"And now," said Cyrus Harding, as he ended his recital, "a duty remains
for us to perform. Half of our task is accomplished, but although the
convicts are no longer to be feared, it is not owing to ourselves that we
are once more masters of the island."

"Well!" answered Gideon Spilett, "let us search all this labyrinth of the
spurs of Mount Franklin. We will not leave a hollow, not a hole unexplored!
Ah! if ever a reporter found himself face to face with a mystery, it is I
who now speak to you, my friends!"

"And we will not return to Granite House until we have found our
benefactor," said Herbert.

"Yes," said the engineer, "we will do all that it is humanly possible to
do, but I repeat we shall not find him until he himself permits us."

"Shall we stay at the corral?" asked Pencroft.

"We shall stay here," answered Harding. "Provisions are abundant, and we
are here in the very center of the circle we have to explore. Besides, if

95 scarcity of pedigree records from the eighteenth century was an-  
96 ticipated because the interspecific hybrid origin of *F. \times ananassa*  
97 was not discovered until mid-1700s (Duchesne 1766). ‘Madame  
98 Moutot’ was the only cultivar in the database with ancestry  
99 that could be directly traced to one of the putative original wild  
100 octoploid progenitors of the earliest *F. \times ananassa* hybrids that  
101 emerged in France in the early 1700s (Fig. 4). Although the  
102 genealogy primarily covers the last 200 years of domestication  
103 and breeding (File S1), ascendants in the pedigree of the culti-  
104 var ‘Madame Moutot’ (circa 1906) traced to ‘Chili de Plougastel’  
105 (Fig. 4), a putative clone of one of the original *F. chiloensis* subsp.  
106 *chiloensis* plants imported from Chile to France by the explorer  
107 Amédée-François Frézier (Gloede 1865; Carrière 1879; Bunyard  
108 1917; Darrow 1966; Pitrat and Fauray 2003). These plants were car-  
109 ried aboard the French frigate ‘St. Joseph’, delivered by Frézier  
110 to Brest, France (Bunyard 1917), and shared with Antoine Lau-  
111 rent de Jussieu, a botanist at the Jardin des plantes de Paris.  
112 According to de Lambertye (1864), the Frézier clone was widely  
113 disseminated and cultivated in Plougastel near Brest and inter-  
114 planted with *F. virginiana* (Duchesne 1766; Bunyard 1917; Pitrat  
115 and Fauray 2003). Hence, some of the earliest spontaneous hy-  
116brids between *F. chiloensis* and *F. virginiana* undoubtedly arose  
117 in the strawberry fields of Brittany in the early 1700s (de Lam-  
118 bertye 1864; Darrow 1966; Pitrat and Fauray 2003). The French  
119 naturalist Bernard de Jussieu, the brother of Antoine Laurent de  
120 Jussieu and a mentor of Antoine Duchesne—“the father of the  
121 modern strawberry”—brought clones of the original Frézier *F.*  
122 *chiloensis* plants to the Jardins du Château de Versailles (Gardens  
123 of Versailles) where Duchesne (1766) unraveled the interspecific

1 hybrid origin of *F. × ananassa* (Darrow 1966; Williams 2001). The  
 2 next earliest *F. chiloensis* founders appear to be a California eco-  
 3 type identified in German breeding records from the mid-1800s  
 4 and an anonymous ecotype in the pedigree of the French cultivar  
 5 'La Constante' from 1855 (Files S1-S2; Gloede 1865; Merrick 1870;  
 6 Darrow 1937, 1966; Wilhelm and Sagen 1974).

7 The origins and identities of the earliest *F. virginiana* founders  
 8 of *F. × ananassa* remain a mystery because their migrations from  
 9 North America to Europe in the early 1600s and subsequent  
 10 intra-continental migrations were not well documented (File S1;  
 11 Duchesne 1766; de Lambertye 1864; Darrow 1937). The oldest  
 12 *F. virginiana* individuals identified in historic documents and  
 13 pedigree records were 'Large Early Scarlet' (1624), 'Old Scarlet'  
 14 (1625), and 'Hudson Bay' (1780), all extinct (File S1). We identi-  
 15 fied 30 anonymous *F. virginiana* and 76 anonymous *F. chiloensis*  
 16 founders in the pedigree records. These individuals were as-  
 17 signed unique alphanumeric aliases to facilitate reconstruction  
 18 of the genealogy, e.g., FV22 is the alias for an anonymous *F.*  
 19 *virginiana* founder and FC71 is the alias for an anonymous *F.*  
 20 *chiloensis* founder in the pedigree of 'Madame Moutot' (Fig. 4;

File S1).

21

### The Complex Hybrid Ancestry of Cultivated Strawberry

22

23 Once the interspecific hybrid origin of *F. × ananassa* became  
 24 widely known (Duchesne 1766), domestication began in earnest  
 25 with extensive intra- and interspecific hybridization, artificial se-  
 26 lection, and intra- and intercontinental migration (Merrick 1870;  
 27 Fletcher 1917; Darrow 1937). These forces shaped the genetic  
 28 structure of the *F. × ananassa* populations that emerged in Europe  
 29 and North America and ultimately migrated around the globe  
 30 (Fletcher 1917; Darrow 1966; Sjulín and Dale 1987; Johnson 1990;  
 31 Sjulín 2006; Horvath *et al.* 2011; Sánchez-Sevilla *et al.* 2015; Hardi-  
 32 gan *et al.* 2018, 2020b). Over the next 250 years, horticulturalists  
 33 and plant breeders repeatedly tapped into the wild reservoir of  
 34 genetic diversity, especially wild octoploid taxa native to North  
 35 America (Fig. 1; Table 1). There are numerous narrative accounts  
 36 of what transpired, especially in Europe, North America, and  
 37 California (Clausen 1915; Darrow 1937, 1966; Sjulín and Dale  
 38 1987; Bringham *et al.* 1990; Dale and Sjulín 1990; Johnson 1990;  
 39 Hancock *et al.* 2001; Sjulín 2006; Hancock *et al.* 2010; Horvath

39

necessary, the cart will take us rapidly to Granite House."

"Good!" answered the sailor. "Only I have a remark to make."

"What is it?"

"Here is the fine season getting on, and we must not forget that we have
a voyage to make."

"A voyage?" said Gideon Spilett.

"Yes, to Tabor Island," answered Pencroft. "It is necessary to carry a
notice there to point out the position of our island and say that Ayrton is
here in case the Scotch yacht should come to take him off. Who knows if it
is not already too late?"

"But, Pencroft," asked Ayrton, "how do you intend to make this voyage?"

"In the 'Bonadventure.'"

"The 'Bonadventure!'" exclaimed Ayrton. "She no longer exists."

"My 'Bonadventure' exists no longer!" shouted Pencroft, bounding from his
seat.

"No," answered Ayrton. "The convicts discovered her in her little harbor
only eight days ago, they put to sea in her,

"And?" said Pencroft, his heart beating.